Like The Thistle Seed: The Scots Abroad
Scotland is a small country on the western fringe of Europe. She has a seventy-mile land frontier with England while the rest of her thrusts into the sea, as if attempting to escape the confines of her own geography. Two thirds of her land is rock, bog or rough grazing. The remainder grows some of the finest crops on earth. At one time, with one-eighth the population of her southern neighbour, she had twice as many universities and one of the most literate populations in the world, yet her people were frequently regarded as barbarous. She had a fearsome military reputation yet as an independent nation had no standing army and no history of national aggression. The national dress and international perception of Scotland is based on a caricature of the Gaelic culture that was once banned and frequently feared by the Lowland population. Scotland, then, is a land of contrasts.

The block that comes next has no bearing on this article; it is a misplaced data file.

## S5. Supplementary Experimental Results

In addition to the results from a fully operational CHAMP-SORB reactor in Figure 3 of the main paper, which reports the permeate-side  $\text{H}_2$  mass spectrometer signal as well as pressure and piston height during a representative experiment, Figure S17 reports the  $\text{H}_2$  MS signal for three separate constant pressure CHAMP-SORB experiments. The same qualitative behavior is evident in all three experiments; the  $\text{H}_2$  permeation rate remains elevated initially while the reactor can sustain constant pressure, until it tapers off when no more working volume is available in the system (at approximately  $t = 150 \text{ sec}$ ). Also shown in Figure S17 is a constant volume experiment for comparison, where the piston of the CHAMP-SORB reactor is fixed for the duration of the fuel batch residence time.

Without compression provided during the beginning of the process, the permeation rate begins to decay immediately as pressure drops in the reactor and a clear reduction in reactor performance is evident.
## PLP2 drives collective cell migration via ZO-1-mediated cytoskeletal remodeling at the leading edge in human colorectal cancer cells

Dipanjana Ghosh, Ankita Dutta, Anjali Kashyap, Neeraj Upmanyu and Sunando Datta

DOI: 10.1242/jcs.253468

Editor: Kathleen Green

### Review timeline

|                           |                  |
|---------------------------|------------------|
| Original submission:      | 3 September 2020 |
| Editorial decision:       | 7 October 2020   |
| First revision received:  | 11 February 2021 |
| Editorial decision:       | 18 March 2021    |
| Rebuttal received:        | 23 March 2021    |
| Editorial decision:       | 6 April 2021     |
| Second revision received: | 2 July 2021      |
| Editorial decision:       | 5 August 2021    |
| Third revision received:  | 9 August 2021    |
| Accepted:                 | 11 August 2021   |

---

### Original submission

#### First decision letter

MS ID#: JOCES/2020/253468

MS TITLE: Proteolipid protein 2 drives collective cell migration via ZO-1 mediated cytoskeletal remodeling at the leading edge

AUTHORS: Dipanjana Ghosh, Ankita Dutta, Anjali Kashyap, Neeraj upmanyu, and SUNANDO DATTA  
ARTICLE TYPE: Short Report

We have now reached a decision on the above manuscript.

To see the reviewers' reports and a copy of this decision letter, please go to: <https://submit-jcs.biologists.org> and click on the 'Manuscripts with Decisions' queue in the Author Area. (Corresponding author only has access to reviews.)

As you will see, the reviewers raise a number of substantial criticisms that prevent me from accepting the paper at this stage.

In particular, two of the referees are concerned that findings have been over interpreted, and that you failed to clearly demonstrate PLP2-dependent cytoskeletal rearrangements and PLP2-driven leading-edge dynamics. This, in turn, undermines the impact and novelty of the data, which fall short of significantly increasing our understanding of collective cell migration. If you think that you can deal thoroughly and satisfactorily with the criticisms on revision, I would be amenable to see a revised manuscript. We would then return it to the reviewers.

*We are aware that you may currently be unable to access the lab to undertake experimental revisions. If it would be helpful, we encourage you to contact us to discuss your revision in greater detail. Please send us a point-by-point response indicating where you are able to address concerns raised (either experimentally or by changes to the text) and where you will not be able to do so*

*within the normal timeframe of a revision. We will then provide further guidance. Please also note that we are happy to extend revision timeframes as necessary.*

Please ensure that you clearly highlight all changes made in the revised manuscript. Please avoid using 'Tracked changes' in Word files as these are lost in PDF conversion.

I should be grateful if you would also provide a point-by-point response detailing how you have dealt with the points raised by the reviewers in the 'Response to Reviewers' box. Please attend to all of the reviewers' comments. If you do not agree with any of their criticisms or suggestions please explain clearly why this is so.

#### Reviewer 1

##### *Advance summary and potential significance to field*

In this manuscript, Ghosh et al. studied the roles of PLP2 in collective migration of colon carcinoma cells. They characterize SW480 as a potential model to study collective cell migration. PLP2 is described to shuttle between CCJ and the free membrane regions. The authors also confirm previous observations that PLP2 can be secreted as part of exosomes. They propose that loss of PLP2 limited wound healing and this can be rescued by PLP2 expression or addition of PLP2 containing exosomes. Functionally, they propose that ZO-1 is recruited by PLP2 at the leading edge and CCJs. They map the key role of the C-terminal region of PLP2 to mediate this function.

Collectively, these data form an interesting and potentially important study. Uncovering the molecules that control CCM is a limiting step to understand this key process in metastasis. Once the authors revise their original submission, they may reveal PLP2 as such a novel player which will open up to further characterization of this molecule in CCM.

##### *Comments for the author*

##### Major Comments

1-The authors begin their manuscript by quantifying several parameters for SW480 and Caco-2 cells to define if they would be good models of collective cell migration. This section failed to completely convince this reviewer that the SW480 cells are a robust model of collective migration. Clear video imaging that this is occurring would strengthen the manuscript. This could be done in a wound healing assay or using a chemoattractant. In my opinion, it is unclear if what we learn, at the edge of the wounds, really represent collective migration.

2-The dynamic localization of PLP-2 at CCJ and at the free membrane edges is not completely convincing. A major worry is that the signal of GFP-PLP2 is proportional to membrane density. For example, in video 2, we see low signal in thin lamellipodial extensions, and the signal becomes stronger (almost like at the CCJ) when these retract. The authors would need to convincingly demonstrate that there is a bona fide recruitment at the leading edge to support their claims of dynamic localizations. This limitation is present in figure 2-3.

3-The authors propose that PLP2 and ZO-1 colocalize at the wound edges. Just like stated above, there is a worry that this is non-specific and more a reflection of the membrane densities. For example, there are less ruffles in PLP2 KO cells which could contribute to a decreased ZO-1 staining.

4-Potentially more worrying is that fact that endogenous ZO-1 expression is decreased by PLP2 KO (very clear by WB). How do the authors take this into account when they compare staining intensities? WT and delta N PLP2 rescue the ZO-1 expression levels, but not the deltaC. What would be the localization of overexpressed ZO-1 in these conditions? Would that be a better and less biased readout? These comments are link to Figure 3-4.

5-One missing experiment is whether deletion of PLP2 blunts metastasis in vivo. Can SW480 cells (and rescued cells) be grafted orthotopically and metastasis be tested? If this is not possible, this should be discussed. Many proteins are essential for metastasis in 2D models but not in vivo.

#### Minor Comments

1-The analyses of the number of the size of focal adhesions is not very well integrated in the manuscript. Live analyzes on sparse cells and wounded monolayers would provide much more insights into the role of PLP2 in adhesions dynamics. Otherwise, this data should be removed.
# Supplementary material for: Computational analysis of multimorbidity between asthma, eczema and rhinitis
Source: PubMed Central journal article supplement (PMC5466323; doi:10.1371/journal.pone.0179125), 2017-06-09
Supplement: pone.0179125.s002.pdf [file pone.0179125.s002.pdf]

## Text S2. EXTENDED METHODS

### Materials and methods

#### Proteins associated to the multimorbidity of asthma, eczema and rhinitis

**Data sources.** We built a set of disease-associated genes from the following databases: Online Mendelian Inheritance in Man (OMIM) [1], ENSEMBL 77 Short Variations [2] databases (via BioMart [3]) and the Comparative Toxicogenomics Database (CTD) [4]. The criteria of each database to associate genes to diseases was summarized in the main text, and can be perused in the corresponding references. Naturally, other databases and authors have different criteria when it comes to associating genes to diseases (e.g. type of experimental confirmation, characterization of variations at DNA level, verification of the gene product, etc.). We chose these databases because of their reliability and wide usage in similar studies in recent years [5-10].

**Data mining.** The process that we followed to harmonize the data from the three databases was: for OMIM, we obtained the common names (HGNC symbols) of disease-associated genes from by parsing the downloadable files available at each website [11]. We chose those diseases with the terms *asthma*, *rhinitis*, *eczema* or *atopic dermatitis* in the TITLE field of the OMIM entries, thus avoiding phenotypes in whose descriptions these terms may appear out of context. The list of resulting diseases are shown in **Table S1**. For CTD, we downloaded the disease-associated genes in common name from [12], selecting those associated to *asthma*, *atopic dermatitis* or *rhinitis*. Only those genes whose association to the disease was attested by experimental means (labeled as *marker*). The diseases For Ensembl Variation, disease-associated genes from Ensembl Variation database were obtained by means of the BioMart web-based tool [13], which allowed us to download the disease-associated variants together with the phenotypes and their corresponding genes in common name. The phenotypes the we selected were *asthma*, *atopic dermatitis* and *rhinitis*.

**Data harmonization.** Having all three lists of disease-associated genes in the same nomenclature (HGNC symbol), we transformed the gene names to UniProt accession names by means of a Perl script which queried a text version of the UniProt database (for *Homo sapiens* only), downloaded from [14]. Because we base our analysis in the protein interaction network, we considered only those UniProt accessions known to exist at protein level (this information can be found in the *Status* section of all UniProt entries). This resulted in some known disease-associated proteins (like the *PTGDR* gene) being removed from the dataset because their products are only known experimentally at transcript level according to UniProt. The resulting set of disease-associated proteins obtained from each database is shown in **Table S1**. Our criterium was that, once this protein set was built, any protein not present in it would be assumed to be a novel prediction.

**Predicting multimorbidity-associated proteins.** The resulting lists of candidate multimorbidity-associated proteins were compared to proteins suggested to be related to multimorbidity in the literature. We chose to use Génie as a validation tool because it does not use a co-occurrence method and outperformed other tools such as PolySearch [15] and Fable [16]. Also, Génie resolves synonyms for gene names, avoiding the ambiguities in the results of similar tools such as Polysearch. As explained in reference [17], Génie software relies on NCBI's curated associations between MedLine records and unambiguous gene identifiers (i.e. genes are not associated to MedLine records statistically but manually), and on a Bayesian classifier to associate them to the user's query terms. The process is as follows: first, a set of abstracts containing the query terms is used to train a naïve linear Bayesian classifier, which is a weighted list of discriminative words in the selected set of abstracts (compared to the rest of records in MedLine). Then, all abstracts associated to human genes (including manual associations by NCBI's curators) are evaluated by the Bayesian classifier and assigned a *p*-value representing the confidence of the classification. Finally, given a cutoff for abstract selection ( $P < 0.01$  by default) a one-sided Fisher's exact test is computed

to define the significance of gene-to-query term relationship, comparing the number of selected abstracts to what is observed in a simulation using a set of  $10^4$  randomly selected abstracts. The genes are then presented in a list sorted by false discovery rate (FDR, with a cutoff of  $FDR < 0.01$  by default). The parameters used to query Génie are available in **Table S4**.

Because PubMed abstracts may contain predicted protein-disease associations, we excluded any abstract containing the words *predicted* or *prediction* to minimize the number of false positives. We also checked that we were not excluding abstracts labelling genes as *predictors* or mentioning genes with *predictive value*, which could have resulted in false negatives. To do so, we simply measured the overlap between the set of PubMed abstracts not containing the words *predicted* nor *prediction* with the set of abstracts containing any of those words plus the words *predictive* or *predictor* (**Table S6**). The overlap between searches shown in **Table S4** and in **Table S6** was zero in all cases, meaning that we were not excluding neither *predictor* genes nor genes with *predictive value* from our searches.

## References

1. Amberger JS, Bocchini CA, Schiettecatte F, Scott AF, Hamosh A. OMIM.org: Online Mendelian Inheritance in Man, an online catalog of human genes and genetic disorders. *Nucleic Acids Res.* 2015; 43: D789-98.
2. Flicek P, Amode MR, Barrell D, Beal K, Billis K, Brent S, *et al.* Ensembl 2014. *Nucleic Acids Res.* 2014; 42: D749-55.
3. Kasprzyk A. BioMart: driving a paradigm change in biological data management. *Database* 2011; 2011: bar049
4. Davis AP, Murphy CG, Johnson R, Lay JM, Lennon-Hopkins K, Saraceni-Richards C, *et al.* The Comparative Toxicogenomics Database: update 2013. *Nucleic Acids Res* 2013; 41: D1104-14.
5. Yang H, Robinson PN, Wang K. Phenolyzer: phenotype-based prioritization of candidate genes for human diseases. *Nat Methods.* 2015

Is it any wonder that such a nation should produce so many wanderers, men and women who helped create the new countries of the world, as their ancestors had blossomed in Europe? And is it any wonder that these same people should compose some of the most heart-wrenching laments for the land they left behind, even as they encouraged others to board the emigrant ships? Is it any wonder that this complicated nation should also produce a fine a collection of odd balls and eccentrics as any on Earth?